Typography is hard
As someone who often feels that typography can be overwhelming, and that it’s very difficult to know when you’re making the right decisions, it was great to hear Jason Santa Maria say that typography is hard. Jason went on to explain that a designer doesn’t need to know *absolutely everything *about typography to use it well, you just need to know how to estimate a font.
Guidelines for choosing and using type
Jason went into great depth on how to choose typefaces. He explained that there are no rules in typography, its imperfect precision where you can only be guided by basic principles and understanding the constraints. Some of the top tips that Jason gave were:
- Choose workhorse typefaces. We shouldn’t feel obliged to choose a new typeface for every project. Create a personal palette of typeface families that work well in display as well as body text. Use different styles from the same family to save having to find multiple typefaces that work well together.
- Avoid overly themed typefaces. These ready-mades show a lack of imagination. Subtle fonts can promote different emotions more effectively.
- Make a list of attributes and feelings that you want to convey, then find typefaces that convey that feeling. This also works for looking for typefaces that are similar, but not the same, to a standard that you use (perhaps such as Helvetica or Georgia.)
- **Test your fonts in context **and in the right space. Choose your font appropriately to the line height, line length and size required.
The Benefits of Web Fonts
Everyone at Ampersand was evangelising web fonts. It’s impossible to not do so with all the exciting possibilities playing with lovely new fonts can bring.
Jon Tan described it as a time of renaissance considering we were previously forced to use such a minimal font palette, and we’re now being given a chance to prove our skills in design using these new tools. We can now choose type that’s *perfect *for purpose.
Jason Santa Maria echoed what I think everybody else was feeling in that it’s a good time to be a designer. Jason shot down the cynical idea that pople are misusing or abusing fonts and emphasised the benefits that we’re gaining in accessibility through no longer having to provide non-standard fonts through dodgy font replacement techniques.
Jon and Jason both spoke about how type can define a brand and how web fonts are helping unify the identity of brands across print and the web, helping convey a voice, facilitate an emotion, and create a relationship between the user and the design.
The Downside of Web Fonts
Along with the eagerness to try new web fonts, there was a lot of talk of the downside of web fonts, but with a positive outlook on how the awkward issues can be solved.
Looking back at font engineering
Metal typesetting, bitmap font creation and OS-safe fonts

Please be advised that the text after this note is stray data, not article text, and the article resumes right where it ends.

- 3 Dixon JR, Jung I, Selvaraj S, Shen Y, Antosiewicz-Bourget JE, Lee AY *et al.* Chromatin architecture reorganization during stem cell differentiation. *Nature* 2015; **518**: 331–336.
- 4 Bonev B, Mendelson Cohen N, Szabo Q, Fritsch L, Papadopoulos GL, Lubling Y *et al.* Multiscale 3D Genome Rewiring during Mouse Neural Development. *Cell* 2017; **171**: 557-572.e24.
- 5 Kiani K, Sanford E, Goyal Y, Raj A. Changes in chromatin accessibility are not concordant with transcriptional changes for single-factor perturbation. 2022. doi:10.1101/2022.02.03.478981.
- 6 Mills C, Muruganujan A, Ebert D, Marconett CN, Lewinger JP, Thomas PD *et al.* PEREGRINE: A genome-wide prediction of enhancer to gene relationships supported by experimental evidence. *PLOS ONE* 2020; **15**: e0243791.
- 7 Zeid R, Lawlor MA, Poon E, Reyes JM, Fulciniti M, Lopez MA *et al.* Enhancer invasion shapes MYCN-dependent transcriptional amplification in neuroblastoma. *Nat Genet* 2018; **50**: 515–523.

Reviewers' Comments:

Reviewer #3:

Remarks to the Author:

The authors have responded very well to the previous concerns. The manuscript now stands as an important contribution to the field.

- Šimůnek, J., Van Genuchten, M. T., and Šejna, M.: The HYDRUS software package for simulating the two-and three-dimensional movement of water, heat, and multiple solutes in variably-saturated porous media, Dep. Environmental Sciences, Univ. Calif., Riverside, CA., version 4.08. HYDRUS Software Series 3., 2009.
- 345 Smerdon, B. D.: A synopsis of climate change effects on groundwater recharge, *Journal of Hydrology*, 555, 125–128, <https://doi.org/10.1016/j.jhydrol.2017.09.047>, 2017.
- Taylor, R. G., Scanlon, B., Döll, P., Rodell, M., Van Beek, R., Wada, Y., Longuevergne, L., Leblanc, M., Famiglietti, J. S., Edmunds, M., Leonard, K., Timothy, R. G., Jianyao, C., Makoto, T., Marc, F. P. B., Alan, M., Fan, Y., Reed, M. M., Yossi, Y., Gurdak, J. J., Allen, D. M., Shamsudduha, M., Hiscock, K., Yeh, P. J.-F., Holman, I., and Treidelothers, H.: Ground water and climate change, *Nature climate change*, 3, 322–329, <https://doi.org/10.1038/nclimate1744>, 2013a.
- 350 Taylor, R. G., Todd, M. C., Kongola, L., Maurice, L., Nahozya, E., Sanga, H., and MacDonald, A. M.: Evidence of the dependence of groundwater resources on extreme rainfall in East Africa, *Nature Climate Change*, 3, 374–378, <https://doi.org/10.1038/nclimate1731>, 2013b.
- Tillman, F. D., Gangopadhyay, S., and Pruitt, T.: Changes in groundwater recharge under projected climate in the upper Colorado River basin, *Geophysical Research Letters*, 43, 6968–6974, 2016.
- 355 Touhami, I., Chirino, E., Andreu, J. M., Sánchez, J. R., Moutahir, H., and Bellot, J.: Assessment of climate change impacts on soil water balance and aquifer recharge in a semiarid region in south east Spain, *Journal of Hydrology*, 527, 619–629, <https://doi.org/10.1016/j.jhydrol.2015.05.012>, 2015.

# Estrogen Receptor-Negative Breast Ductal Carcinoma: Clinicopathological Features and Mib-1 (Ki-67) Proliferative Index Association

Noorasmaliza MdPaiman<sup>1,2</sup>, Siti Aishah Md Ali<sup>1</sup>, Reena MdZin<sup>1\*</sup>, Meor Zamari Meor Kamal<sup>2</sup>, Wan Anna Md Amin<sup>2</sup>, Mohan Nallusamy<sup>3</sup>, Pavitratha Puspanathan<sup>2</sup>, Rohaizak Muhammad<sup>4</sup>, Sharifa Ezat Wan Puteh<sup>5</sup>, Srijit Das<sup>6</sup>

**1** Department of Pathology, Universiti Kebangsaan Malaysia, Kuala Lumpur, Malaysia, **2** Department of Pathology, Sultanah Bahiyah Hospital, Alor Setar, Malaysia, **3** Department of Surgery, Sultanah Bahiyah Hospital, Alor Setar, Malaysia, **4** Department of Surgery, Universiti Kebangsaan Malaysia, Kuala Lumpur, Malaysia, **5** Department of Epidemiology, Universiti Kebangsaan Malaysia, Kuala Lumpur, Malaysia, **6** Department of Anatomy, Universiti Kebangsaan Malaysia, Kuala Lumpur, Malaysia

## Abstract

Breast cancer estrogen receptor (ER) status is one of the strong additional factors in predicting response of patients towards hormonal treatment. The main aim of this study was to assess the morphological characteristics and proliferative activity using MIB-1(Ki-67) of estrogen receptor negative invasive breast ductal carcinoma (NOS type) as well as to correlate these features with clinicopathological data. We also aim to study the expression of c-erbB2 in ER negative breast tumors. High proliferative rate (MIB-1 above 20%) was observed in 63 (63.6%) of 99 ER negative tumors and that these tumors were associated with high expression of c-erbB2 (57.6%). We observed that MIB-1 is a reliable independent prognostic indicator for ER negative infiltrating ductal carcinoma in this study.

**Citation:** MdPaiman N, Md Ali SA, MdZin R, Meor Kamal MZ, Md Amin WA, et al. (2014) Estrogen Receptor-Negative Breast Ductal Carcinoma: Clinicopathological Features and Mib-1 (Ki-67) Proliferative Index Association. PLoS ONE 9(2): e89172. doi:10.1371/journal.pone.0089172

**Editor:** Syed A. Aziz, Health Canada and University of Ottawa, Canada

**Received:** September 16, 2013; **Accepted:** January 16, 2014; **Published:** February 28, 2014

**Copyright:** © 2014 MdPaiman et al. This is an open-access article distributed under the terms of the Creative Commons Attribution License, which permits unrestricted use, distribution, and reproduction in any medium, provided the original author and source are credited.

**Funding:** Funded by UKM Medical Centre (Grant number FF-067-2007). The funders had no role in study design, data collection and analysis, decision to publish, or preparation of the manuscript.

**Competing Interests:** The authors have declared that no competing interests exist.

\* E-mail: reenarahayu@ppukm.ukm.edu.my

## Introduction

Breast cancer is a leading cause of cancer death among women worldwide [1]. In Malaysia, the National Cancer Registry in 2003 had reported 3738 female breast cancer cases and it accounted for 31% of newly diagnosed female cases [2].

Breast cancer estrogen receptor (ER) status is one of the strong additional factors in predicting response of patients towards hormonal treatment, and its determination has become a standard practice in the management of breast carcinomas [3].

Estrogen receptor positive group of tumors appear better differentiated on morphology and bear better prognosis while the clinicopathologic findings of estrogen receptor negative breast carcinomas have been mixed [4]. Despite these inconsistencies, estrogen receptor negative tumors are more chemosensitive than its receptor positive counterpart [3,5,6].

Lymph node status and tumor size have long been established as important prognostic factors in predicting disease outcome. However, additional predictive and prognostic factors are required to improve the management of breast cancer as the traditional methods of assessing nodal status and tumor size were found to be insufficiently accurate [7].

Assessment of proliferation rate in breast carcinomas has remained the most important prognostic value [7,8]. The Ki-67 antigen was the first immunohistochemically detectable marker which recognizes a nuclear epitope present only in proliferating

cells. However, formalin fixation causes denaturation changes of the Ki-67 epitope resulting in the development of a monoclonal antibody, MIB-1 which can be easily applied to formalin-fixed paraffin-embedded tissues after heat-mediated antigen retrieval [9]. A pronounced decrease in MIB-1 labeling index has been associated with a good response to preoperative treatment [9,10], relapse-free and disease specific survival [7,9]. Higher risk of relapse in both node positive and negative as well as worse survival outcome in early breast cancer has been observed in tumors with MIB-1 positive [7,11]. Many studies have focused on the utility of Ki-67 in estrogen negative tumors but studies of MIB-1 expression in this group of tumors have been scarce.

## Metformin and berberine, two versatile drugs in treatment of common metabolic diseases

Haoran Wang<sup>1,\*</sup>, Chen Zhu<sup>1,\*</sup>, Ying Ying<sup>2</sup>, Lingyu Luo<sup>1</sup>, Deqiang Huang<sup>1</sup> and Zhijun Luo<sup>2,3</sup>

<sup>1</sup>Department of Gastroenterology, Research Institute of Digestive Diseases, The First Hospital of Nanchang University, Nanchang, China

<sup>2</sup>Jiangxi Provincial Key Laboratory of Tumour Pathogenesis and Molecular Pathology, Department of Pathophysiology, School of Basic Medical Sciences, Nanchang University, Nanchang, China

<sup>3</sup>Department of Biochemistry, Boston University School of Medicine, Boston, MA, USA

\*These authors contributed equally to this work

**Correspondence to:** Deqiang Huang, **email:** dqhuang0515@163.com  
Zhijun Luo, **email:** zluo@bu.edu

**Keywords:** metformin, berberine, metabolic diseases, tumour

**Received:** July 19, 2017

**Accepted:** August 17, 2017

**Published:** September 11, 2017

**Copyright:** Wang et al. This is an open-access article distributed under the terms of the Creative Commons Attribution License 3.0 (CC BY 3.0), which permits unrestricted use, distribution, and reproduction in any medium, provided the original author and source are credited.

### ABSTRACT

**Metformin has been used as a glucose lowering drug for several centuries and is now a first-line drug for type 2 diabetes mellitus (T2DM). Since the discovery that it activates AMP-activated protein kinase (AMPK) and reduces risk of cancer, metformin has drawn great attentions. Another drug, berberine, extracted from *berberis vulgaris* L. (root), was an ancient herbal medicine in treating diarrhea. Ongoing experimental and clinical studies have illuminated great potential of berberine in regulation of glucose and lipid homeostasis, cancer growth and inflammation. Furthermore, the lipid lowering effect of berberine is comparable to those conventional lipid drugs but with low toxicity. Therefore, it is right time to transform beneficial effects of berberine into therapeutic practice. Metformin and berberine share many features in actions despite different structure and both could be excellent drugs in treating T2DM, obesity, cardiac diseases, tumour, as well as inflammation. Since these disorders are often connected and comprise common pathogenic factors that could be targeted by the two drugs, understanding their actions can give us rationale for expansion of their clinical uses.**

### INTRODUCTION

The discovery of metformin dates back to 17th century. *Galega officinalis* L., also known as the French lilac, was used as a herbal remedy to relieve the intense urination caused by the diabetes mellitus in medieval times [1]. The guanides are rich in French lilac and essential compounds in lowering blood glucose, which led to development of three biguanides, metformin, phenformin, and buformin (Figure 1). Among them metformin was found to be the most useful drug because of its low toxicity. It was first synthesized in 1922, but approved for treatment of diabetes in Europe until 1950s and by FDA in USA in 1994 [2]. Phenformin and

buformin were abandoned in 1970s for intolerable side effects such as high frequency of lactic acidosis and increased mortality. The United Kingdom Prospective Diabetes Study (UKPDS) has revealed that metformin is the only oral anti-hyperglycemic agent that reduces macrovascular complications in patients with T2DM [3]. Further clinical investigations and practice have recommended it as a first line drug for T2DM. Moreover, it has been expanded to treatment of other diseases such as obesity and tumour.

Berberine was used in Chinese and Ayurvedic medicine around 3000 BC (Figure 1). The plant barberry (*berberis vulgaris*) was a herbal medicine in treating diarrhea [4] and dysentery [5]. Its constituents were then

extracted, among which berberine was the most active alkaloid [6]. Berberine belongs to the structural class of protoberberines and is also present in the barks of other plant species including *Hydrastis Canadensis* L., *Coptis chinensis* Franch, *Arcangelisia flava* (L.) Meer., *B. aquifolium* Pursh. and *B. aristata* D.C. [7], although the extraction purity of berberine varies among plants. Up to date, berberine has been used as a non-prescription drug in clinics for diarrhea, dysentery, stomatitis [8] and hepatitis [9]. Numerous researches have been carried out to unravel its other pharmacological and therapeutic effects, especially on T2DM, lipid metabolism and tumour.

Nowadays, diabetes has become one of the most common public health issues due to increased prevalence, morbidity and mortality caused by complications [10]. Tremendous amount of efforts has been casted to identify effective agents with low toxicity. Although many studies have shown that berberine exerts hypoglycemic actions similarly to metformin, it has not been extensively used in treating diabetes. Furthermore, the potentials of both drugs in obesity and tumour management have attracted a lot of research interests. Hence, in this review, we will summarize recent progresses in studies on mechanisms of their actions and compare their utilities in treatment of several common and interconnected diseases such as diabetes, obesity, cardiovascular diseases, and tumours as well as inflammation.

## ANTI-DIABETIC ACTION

David Berlow harked back to working in font engineering when fonts were first needed to look consistent from computer software to printer, explaining how this relates to the web fonts emerging today. One of David’s main considerations is how poor fonts can look at very small sizes. Bearing his experience with metal case type and bitmap fonts in mind, David focuses on how to make web fonts easier to read including basing them on specific size grids, using large x-heights with generally large amounts of whitespace and simplifying fiddly and complicated details.
Rendering is a big issue, mentioned by most of the speakers. Jonathan Hoefler spoke about how the type designers at Hoefler and Frere-Jones are creating insane amounts of newly hinted glyphs in order to make their web fonts work as well as they possibly can across the web. Many web fonts are just bad translations of fonts created for print and consequently barely work on the web. A few speakers discussed the difficulties in the differences in fonts across Windows and OSX, with some users preferring Windows’ ‘crispness‘ and others preferring Apple’s ‘soft detail‘.
Tim Brown emphasised how important it is to check your web font choices live, and repeating these checks across the different environments that will use those fonts.
John Daggett described the issues created by web browsers choosing their own fallbacks, such as creating awful synthesised bold fonts through smearing or drawing the letters twice, or obliqueing fonts to give them an italic appearance. Jonathan Hoefler expressed how the lack of being able to distinguish unusual font styles can be an issue, especially for those that have a back slant or are number-only fonts.
CSS Working Draft for Fonts
John Daggett’s talk was an intense look at the potential future of web fonts being controlled through CSS. It was at this point that I felt particularly hopeful. There’s something amazing about how quickly the web seems to have gone from a miserable collection of ‘web-safe’ fonts to being able to see how we can potentially use alternate glyphs and handle kerning.
I don’t think my notes cover all the fantastic features that John described, so for those I recommend you see the CSS Working Draft for Fonts, but here are some of the exciting tidbits I fancy:
- Using opentype font features through ‘font-variant:’. This means having loads of different font features such as multiple glyphs per character in an easy-to-use package giving us fine-grain control all through CSS. At the moment font-variant is used predominantly to select small-caps (with limited success.) The potential in font-variant means we could eventually select font features such as petite caps and automatic fractions, have more control over fallbacks, kerning, ligatures, language support and numerals, as well as supplementing other CSS properties such as text-transform.
- Security for web fonts. Rather than DRM, the idea is to restrict the origin of the font through http headers and the like, requiring a particular protocol, site or port. This could prevent other sites hot-linking your fonts or sniffing your font URLs.
A day listening to clever people talk about fonts
I think that me bothering to write a massive blog post about the themes of Ampersand conference really shows what an amazing day it was. I felt completely inspired, enthused and almost exhausted by the ideas and feelings being expressed by the speakers. I hope this rather disjointed digest might have helped bring some of this excitement to you lot who couldn’t be there on the day!
Recommended Reading and Plugins
- Fontsmith (via Jon Tan)
- Google ‘font font focus’ for Font Font Focus sites (via Tim Brown)
- Hoefler & Frere-Jones at Typography.com (via Tim Brown)
- Paul Shaw Letter Design (via Tim Brown)
- Fonts in Use (via Tim Brown)
- Web Font Specimen (via Tim Brown)
- Modular Scale (via Tim Brown)
- Using Typekit font events for responsive and fallback design (via Tim Brown)
This content originally appeared on Laura Kalbag’s Blog Posts and was authored by Laura Kalbag